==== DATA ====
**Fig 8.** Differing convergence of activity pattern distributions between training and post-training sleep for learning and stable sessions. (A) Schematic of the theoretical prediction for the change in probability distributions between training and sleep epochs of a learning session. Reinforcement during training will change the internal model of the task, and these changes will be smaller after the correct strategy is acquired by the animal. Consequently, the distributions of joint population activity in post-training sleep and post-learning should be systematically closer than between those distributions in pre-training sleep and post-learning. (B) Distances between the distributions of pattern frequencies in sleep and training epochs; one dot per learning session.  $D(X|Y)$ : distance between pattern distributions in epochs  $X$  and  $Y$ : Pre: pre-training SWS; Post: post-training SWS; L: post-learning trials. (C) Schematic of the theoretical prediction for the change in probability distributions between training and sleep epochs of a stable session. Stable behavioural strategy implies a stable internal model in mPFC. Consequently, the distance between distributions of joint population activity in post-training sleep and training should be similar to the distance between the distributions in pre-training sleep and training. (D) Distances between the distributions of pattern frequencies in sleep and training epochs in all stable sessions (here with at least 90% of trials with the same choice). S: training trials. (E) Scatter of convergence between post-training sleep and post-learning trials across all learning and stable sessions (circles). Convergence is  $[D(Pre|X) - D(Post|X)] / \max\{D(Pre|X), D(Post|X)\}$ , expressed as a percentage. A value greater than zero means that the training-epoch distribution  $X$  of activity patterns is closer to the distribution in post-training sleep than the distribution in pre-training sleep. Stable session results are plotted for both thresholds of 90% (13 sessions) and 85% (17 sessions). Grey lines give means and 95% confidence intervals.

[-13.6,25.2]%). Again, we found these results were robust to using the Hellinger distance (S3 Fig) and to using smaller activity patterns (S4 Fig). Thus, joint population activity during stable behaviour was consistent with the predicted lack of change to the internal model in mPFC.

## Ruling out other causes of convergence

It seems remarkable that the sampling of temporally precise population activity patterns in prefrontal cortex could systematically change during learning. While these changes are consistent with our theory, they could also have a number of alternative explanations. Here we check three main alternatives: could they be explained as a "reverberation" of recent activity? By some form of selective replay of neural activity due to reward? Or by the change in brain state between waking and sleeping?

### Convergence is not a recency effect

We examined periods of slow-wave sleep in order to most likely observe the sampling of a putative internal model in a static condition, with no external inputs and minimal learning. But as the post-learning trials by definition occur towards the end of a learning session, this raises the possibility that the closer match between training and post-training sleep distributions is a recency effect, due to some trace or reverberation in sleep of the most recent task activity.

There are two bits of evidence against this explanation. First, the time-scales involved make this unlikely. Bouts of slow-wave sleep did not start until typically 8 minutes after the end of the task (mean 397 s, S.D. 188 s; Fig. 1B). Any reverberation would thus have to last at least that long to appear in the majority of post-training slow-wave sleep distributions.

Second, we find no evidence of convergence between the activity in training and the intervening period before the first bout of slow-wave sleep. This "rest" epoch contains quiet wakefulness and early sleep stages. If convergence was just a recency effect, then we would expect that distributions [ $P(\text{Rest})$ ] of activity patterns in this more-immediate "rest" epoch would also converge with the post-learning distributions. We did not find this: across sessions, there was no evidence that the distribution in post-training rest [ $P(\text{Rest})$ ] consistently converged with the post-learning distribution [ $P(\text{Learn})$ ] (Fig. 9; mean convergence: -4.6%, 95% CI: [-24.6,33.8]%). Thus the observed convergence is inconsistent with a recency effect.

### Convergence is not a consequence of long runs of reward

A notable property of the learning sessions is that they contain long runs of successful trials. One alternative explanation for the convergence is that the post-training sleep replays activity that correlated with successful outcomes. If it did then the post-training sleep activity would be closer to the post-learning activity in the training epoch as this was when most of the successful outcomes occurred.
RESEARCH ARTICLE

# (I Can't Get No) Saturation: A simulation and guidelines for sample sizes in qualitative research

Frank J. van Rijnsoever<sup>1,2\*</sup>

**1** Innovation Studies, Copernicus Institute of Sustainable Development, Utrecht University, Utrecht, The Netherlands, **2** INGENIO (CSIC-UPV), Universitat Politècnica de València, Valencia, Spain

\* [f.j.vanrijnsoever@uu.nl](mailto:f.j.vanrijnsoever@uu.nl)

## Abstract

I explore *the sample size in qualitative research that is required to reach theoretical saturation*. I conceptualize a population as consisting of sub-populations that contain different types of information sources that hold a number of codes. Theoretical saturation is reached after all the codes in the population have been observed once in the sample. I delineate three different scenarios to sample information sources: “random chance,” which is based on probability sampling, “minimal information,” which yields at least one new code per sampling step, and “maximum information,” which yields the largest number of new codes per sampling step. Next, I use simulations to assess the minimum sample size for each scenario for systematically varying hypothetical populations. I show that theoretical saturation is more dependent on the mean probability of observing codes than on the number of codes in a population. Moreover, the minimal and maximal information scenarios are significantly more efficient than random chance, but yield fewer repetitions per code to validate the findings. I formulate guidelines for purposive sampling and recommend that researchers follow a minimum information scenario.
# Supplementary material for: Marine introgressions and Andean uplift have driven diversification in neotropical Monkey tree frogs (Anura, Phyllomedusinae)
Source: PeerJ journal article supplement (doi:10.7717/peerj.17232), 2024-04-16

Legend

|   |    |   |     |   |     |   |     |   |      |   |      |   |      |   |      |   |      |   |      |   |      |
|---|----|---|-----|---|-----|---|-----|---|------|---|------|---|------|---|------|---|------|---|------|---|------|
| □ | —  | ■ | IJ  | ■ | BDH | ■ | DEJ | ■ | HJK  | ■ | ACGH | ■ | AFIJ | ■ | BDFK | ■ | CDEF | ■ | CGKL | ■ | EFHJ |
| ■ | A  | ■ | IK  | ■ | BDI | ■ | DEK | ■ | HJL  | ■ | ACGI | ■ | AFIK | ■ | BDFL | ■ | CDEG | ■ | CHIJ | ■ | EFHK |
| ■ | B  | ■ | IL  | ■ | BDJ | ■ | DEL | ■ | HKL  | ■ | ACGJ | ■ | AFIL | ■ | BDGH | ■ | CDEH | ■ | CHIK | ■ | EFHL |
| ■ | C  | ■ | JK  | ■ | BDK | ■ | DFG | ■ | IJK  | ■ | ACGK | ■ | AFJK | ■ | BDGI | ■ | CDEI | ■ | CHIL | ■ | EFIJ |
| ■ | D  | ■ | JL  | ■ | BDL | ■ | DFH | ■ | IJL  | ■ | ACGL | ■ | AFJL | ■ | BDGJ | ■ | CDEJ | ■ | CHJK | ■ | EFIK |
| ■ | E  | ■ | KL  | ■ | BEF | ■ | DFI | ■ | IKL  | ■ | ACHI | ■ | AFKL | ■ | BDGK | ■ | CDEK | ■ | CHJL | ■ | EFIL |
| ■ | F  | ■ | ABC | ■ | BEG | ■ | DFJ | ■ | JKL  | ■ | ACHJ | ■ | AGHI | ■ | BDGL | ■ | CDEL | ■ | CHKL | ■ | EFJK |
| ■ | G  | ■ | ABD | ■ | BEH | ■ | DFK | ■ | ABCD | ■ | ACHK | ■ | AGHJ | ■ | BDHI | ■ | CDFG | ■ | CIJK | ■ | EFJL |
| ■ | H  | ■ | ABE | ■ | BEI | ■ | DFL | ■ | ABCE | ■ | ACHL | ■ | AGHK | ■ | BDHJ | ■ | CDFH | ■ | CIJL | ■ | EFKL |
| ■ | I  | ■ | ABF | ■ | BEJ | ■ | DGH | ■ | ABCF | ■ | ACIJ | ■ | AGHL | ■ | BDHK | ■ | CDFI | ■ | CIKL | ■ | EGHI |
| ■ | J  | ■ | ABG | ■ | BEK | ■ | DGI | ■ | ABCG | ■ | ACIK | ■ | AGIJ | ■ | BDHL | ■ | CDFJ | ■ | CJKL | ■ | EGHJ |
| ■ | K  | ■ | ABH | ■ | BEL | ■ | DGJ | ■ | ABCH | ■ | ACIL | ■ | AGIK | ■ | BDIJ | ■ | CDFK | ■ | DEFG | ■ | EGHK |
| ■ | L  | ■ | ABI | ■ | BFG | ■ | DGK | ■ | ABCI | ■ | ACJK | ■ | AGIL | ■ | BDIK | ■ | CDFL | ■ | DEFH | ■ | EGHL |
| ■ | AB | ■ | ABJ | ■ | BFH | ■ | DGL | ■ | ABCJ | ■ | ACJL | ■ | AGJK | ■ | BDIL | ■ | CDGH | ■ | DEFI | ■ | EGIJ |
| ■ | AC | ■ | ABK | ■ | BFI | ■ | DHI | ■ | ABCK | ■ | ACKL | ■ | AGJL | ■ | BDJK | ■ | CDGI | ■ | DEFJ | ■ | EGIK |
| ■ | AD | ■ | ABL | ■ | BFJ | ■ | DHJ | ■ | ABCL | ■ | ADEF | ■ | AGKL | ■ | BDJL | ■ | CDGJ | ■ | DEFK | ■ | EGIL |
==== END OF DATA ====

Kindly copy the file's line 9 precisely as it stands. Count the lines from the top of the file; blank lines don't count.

### Convergence is not a consequence of long runs of reward